Jenn Collins and her husband Brad Barnes began volunteering with Georgia Organics years ago. The couple shares a passion for doing all they can to grow fresh and sustainable food sources in our community.
In 2015, the couple found out that Columbus had been chosen by Georgia Organics for their Food Oasis project. Food Oasis is a project that seeks to eliminate food deserts- or large municipal areas that lack widespread access to fresh food. Immediately, Collins said she and Barnes knew they wanted to be a part of the effort.
As a part of the Food Oasis initiative, Collins and her husband applied for and received a grant to develop a community orchard in Bibb City where they live. They planted in January of 2017 and found themselves with healthy blooming plants that just needed time. "We immediately realized that it was great, but it wouldn't put a lot of food on people's plates- especially not right away," said Collins.
Collins knew there had to be a more immediate answer. "We decided we needed to find a way that would bring food to the people in our area that didn't have access to it," she explained. "We knew that in order to do that, we'd have to develop a farmers market."
Collins and Barnes spent most of the next six months scouting locations around the city. "We looked at the bus transfer stations, and considered a number of factors about where would be the best place to put a pop up market in town," said Collins.
Then, last August Collins saw a post that MercyMed was hosting a Food Oasis meeting to have members come and see their new community garden. Collins and Barnes were amazed. "We had no idea the scope of what they were doing until then," Collins said. "We lived across the street and didn't realize how much they cared about nutrition as health. They'd already taken that next step with the community garden."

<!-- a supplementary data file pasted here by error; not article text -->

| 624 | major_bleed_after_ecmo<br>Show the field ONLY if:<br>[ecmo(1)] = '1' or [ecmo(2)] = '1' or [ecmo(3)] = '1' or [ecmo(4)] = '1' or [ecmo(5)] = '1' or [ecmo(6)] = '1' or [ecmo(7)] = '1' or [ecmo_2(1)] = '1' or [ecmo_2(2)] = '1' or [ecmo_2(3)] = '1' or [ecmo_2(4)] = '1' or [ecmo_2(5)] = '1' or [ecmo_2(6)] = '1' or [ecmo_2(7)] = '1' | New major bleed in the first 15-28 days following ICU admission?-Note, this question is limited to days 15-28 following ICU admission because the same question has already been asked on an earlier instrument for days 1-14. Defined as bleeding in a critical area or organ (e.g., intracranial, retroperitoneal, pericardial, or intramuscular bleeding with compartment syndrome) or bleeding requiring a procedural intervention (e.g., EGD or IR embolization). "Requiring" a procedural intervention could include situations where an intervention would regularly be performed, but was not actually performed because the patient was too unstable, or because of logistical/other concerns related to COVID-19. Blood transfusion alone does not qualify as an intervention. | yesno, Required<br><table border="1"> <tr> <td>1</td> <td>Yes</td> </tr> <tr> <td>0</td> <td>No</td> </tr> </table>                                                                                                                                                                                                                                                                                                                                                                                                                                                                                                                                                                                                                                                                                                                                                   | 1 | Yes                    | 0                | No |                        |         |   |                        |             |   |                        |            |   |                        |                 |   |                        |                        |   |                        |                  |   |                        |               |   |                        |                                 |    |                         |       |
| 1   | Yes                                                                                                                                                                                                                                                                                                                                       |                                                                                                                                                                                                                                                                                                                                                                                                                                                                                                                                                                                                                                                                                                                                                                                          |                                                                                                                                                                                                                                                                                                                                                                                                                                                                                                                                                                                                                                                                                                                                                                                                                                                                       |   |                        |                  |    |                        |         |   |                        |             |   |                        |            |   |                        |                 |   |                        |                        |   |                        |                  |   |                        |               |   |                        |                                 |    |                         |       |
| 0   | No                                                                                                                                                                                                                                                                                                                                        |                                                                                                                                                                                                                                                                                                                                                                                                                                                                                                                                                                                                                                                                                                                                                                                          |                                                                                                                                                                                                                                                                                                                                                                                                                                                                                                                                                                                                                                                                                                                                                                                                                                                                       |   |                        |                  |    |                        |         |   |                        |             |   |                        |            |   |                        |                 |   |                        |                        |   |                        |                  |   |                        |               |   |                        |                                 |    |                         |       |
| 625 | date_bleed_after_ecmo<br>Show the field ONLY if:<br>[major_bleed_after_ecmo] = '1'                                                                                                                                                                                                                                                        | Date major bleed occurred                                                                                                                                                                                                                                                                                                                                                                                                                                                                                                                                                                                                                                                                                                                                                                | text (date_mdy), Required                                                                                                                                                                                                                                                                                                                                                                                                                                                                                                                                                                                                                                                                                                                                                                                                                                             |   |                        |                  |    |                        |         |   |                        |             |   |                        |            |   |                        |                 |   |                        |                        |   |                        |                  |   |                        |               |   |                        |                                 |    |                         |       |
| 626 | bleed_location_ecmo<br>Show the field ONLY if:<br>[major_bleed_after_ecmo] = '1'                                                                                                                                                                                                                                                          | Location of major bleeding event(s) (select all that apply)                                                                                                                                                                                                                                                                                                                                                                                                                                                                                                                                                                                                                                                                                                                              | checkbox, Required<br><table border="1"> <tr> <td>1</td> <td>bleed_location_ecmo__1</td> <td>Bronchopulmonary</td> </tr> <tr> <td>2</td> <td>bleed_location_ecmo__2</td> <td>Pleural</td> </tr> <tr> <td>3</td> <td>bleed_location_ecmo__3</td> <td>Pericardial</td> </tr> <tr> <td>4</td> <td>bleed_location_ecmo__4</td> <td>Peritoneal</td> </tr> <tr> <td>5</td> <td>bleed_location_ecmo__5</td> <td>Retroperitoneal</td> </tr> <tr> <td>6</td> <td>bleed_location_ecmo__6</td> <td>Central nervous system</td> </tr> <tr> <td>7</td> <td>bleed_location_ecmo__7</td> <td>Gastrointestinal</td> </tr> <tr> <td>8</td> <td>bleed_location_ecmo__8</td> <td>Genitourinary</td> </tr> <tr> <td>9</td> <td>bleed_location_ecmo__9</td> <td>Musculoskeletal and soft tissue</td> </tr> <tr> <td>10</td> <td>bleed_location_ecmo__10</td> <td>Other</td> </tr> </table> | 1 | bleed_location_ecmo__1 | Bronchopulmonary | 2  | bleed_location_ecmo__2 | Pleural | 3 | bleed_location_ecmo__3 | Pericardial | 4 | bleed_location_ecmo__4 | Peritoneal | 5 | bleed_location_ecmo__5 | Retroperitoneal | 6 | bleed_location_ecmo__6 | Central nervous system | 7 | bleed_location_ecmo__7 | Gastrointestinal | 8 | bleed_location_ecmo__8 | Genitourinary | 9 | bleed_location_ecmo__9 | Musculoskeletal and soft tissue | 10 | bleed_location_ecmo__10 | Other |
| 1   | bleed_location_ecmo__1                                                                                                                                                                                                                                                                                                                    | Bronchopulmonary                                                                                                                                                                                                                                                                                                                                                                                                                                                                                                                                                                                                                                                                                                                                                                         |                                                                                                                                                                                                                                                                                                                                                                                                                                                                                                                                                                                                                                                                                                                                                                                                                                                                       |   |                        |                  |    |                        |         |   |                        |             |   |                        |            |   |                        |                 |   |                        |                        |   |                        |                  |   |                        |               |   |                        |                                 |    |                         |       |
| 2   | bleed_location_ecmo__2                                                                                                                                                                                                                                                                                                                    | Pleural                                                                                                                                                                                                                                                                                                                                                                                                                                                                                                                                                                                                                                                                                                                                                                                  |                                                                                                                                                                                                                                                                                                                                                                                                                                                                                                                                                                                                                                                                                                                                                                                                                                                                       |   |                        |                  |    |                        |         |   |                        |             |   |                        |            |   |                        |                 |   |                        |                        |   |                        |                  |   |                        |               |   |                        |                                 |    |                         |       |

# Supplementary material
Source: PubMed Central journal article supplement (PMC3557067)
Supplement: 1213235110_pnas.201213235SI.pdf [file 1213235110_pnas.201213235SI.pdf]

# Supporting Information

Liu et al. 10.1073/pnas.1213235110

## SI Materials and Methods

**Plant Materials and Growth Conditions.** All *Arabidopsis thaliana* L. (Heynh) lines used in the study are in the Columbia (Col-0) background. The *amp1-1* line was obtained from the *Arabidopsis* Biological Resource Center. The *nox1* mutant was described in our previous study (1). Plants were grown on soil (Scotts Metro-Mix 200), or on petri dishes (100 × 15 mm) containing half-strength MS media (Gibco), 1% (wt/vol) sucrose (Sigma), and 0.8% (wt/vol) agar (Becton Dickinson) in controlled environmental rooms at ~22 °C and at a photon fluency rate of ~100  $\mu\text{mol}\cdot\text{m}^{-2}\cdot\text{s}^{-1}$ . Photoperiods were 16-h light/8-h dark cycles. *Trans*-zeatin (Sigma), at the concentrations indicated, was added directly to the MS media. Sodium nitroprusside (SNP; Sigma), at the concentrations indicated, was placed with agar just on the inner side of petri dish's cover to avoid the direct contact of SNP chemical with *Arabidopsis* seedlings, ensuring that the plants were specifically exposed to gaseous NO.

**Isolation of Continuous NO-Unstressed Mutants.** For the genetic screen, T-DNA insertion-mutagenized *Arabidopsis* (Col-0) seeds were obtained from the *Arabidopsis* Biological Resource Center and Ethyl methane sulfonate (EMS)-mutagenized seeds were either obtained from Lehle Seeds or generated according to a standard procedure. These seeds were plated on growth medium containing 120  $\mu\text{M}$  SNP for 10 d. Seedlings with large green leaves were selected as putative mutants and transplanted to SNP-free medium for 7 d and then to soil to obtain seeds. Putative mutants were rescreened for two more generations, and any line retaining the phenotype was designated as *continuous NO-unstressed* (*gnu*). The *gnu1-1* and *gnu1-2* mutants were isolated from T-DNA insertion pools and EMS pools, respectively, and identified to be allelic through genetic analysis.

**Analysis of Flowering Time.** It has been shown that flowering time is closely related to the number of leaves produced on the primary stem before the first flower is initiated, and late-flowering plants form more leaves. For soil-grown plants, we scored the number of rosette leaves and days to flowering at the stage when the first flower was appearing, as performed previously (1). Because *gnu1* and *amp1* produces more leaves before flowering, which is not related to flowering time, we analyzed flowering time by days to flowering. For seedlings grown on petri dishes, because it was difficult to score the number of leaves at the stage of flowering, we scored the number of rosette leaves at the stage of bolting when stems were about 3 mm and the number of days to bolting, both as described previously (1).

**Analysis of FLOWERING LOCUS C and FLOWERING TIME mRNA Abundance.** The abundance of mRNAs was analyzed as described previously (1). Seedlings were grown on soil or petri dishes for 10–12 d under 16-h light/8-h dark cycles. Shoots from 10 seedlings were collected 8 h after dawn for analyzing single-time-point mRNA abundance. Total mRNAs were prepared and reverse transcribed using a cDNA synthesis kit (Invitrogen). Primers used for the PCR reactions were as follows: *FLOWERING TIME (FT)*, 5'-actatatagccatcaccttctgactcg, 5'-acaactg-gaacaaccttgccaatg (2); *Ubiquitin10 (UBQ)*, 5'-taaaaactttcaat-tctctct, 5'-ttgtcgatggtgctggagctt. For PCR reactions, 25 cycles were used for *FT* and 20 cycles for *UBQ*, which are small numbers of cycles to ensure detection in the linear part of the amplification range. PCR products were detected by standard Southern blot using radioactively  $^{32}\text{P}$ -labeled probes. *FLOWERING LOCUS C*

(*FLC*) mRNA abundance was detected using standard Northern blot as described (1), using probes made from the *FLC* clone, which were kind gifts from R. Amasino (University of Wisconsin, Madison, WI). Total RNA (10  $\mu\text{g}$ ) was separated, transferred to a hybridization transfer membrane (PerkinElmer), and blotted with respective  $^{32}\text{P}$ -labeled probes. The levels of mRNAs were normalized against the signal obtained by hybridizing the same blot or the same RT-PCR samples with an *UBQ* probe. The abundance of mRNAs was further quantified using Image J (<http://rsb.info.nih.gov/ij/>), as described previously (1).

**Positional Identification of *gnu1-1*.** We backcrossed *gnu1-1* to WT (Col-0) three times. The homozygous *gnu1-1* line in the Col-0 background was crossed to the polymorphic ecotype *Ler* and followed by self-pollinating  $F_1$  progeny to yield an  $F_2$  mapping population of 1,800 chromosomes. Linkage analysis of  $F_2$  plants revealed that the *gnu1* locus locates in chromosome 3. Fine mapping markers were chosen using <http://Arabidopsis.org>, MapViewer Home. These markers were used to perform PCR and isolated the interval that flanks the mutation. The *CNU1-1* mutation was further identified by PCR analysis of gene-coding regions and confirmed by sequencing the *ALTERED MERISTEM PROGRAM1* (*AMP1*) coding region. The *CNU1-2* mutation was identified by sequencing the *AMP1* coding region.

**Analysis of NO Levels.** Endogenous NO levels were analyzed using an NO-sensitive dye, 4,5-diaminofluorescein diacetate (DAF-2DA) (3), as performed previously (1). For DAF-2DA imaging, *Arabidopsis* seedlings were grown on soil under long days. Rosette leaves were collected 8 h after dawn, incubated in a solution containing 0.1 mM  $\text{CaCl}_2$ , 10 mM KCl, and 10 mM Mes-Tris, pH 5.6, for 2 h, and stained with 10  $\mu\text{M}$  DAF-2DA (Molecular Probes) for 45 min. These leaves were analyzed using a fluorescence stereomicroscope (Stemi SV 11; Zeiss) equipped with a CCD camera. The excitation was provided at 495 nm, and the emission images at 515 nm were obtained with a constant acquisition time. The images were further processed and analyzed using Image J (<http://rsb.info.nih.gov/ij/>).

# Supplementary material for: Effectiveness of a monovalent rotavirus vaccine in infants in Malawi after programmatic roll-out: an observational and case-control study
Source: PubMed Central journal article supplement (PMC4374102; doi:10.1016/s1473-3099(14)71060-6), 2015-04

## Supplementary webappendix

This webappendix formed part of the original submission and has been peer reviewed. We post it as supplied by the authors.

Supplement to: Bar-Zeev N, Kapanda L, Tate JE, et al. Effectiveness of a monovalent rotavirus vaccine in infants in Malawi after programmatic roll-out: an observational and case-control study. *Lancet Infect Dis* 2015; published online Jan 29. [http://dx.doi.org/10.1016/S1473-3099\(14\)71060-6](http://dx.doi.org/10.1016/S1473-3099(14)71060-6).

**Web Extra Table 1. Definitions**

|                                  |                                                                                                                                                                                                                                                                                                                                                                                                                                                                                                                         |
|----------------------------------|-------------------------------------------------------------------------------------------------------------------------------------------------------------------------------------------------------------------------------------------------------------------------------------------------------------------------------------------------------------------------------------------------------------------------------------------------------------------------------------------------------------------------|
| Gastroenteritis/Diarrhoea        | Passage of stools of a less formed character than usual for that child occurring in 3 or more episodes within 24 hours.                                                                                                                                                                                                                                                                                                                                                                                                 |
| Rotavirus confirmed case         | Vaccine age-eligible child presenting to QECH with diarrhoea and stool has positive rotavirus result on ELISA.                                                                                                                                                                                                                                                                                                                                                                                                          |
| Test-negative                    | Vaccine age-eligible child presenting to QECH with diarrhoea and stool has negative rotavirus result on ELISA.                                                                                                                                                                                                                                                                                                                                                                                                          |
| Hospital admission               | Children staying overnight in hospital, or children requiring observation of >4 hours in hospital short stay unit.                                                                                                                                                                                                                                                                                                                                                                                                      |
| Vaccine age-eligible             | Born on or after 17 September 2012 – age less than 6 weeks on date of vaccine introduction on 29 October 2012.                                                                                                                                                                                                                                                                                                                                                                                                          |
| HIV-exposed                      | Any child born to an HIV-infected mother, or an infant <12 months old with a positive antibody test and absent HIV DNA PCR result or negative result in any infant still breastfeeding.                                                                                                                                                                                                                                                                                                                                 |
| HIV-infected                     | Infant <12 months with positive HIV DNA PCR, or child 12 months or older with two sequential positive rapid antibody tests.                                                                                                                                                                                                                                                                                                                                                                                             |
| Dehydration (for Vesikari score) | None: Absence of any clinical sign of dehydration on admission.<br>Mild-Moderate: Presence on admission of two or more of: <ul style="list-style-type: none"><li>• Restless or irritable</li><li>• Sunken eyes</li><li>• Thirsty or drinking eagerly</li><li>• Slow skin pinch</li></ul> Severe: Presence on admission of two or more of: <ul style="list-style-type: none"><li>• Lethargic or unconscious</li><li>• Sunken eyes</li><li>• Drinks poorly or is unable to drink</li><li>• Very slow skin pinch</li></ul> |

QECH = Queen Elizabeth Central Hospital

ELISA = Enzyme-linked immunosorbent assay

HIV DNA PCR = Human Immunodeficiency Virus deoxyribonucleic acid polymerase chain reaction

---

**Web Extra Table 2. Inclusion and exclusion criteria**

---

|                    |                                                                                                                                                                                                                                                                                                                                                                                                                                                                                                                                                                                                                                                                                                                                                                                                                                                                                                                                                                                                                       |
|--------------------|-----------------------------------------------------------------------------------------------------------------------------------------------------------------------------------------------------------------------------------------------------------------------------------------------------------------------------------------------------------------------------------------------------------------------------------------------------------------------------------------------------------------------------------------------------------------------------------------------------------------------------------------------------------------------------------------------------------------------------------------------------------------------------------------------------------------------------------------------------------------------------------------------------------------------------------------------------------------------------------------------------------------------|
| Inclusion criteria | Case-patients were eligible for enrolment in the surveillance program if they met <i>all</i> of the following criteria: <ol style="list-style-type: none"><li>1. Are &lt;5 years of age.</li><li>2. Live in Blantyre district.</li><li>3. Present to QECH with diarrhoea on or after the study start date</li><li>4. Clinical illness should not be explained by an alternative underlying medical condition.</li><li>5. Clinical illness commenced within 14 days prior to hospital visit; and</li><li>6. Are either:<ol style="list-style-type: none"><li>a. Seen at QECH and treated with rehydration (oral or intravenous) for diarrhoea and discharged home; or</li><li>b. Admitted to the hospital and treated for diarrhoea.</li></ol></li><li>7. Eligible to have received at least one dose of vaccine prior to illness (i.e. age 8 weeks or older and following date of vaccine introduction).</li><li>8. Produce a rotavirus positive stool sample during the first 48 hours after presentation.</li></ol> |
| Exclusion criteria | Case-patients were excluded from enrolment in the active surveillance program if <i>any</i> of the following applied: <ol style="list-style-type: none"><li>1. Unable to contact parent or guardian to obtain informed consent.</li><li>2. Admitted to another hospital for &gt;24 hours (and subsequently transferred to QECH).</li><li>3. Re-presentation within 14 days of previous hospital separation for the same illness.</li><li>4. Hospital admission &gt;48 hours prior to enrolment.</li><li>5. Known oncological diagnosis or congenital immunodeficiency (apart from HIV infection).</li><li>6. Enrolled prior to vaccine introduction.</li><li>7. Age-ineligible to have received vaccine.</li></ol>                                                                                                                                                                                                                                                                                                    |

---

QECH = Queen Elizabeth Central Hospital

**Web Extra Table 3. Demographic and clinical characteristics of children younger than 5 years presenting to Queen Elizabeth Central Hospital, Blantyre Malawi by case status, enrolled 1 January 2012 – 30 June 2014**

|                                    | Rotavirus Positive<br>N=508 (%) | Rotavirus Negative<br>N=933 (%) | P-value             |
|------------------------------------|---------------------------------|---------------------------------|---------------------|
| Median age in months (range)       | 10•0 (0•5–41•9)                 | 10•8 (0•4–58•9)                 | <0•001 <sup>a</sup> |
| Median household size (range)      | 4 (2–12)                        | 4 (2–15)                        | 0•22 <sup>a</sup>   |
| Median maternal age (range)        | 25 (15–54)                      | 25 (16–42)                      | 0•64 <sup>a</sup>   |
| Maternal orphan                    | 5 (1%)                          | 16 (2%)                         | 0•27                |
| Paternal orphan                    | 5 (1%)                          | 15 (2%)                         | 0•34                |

Collins emailed them the next day.
In the meantime, she also contacted Georgia Organics to explain her idea of developing a farmers market behind MercyMed near their community garden. Georgia Organics put the couple in touch with MercyMed, who had also talked to some of the farmers who were a part of Georgia Organics about how to provide fresh food locally.
Collins knew then that North Highland Farmers Market was going to happen.
""We sort of just all realized at the same time that this was a magical place, and this was the perfect way to achieve our collective goal of providing fresh food to our community," said Collins. "In October, we sat down in a room and just decided to figure out how to make it happen. We knew we were going to apply for a grant, but we had to figure out what we needed."
They decided to do a couple of pop-up markets in early November to gauge how the public would react. The response was overwhelming, and resulted in a Georgia Organics grant to help with the startup costs for the market. Wholesome Wave Georgia also joined the effort by providing a way for the market to double SNAP dollars for EBT customers.
"The way it works is that every farm has to agree to participate in the double SNAP program. It's a standard they have to agree to," said Collins. "By everyone accepting the SNAP initiative we're doing, it takes away the awkwardness for customers having to ask whether their EBT card is accepted or not. Everyone who walks into the market is able to afford what they need to eat well."
"We sort of just all realized at the same time that this was a magical place, and this was the perfect way to achieve our collective goal of providing fresh food to our community," said Collins.